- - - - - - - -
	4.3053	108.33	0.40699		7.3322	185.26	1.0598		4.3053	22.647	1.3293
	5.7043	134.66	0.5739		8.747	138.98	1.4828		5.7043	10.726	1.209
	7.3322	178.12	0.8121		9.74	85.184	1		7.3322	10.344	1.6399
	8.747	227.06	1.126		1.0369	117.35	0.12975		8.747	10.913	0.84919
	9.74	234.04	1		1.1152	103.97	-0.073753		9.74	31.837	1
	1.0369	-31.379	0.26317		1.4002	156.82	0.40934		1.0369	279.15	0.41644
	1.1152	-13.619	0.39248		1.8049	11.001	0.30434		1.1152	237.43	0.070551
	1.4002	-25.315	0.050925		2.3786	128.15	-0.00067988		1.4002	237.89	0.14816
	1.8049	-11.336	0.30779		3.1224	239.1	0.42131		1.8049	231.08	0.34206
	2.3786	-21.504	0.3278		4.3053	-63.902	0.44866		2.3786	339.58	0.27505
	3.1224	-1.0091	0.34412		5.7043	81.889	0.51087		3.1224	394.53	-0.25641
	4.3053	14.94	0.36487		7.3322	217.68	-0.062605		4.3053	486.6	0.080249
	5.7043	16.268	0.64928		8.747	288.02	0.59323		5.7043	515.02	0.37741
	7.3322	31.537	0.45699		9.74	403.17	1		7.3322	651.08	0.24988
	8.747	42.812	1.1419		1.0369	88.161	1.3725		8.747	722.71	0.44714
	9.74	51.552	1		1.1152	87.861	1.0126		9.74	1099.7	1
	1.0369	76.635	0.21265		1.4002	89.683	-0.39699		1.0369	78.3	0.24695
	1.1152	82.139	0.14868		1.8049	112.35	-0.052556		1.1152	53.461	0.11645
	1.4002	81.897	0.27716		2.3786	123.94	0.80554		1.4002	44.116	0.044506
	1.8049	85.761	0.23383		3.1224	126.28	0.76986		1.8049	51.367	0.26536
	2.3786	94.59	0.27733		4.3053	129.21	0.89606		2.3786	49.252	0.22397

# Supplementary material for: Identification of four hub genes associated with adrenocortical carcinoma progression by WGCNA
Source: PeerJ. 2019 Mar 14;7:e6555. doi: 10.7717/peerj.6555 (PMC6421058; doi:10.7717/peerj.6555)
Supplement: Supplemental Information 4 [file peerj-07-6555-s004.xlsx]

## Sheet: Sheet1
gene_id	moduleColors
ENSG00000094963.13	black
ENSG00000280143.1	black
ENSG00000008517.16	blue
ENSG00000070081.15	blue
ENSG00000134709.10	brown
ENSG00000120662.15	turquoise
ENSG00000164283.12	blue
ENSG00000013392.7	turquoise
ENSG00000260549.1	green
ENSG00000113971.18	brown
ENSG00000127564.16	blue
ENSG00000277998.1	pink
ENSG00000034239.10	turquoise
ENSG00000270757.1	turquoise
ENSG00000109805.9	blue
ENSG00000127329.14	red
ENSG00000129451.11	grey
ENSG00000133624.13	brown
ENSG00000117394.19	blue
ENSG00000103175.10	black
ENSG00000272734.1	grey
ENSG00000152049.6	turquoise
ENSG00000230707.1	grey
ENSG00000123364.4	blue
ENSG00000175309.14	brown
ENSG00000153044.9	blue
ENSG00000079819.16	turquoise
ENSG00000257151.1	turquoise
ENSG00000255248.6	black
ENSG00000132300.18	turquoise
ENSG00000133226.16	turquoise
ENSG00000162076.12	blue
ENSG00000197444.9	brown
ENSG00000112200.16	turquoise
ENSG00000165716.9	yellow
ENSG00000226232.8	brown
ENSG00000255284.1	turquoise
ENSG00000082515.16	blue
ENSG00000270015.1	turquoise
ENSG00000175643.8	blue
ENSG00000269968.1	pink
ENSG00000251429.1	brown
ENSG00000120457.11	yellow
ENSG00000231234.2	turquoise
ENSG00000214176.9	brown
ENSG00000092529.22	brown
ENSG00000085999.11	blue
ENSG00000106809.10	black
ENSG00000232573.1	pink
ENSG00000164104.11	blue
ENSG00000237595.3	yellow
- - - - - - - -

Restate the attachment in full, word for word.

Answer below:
	4.3053	108.33	0.40699		7.3322	185.26	1.0598		4.3053	22.647	1.3293
	5.7043	134.66	0.5739		8.747	138.98	1.4828		5.7043	10.726	1.209
	7.3322	178.12	0.8121		9.74	85.184	1		7.3322	10.344	1.6399
	8.747	227.06	1.126		1.0369	117.35	0.12975		8.747	10.913	0.84919
	9.74	234.04	1		1.1152	103.97	-0.073753		9.74	31.837	1
	1.0369	-31.379	0.26317		1.4002	156.82	0.40934		1.0369	279.15	0.41644
	1.1152	-13.619	0.39248		1.8049	11.001	0.30434		1.1152	237.43	0.070551
	1.4002	-25.315	0.050925		2.3786	128.15	-0.00067988		1.4002	237.89	0.14816
	1.8049	-11.336	0.30779		3.1224	239.1	0.42131		1.8049	231.08	0.34206
	2.3786	-21.504	0.3278		4.3053	-63.902	0.44866		2.3786	339.58	0.27505
	3.1224	-1.0091	0.34412		5.7043	81.889	0.51087		3.1224	394.53	-0.25641
	4.3053	14.94	0.36487		7.3322	217.68	-0.062605		4.3053	486.6	0.080249
	5.7043	16.268	0.64928		8.747	288.02	0.59323		5.7043	515.02	0.37741
	7.3322	31.537	0.45699		9.74	403.17	1		7.3322	651.08	0.24988
	8.747	42.812	1.1419		1.0369	88.161	1.3725		8.747	722.71	0.44714
	9.74	51.552	1		1.1152	87.861	1.0126		9.74	1099.7	1
	1.0369	76.635	0.21265		1.4002	89.683	-0.39699		1.0369	78.3	0.24695
	1.1152	82.139	0.14868		1.8049	112.35	-0.052556		1.1152	53.461	0.11645
	1.4002	81.897	0.27716		2.3786	123.94	0.80554		1.4002	44.116	0.044506
	1.8049	85.761	0.23383		3.1224	126.28	0.76986		1.8049	51.367	0.26536
	2.3786	94.59	0.27733		4.3053	129.21	0.89606		2.3786	49.252	0.22397

# Supplementary material for: Identification of four hub genes associated with adrenocortical carcinoma progression by WGCNA
Source: PeerJ. 2019 Mar 14;7:e6555. doi: 10.7717/peerj.6555 (PMC6421058; doi:10.7717/peerj.6555)
Supplement: Supplemental Information 4 [file peerj-07-6555-s004.xlsx]

## Sheet: Sheet1
gene_id	moduleColors
ENSG00000094963.13	black
ENSG00000280143.1	black
ENSG00000008517.16	blue
ENSG00000070081.15	blue
ENSG00000134709.10	brown
ENSG00000120662.15	turquoise
ENSG00000164283.12	blue
ENSG00000013392.7	turquoise
ENSG00000260549.1	green
ENSG00000113971.18	brown
ENSG00000127564.16	blue
ENSG00000277998.1	pink
ENSG00000034239.10	turquoise
ENSG00000270757.1	turquoise
ENSG00000109805.9	blue
ENSG00000127329.14	red
ENSG00000129451.11	grey
ENSG00000133624.13	brown
ENSG00000117394.19	blue
ENSG00000103175.10	black
ENSG00000272734.1	grey
ENSG00000152049.6	turquoise
ENSG00000230707.1	grey
ENSG00000123364.4	blue
ENSG00000175309.14	brown
ENSG00000153044.9	blue
ENSG00000079819.16	turquoise
ENSG00000257151.1	turquoise
ENSG00000255248.6	black
ENSG00000132300.18	turquoise
ENSG00000133226.16	turquoise
ENSG00000162076.12	blue
ENSG00000197444.9	brown
ENSG00000112200.16	turquoise
ENSG00000165716.9	yellow
ENSG00000226232.8	brown
ENSG00000255284.1	turquoise
ENSG00000082515.16	blue
ENSG00000270015.1	turquoise
ENSG00000175643.8	blue
ENSG00000269968.1	pink
ENSG00000251429.1	brown
ENSG00000120457.11	yellow
ENSG00000231234.2	turquoise
ENSG00000214176.9	brown
ENSG00000092529.22	brown
ENSG00000085999.11	blue
ENSG00000106809.10	black
ENSG00000232573.1	pink
ENSG00000164104.11	blue
ENSG00000237595.3	yellow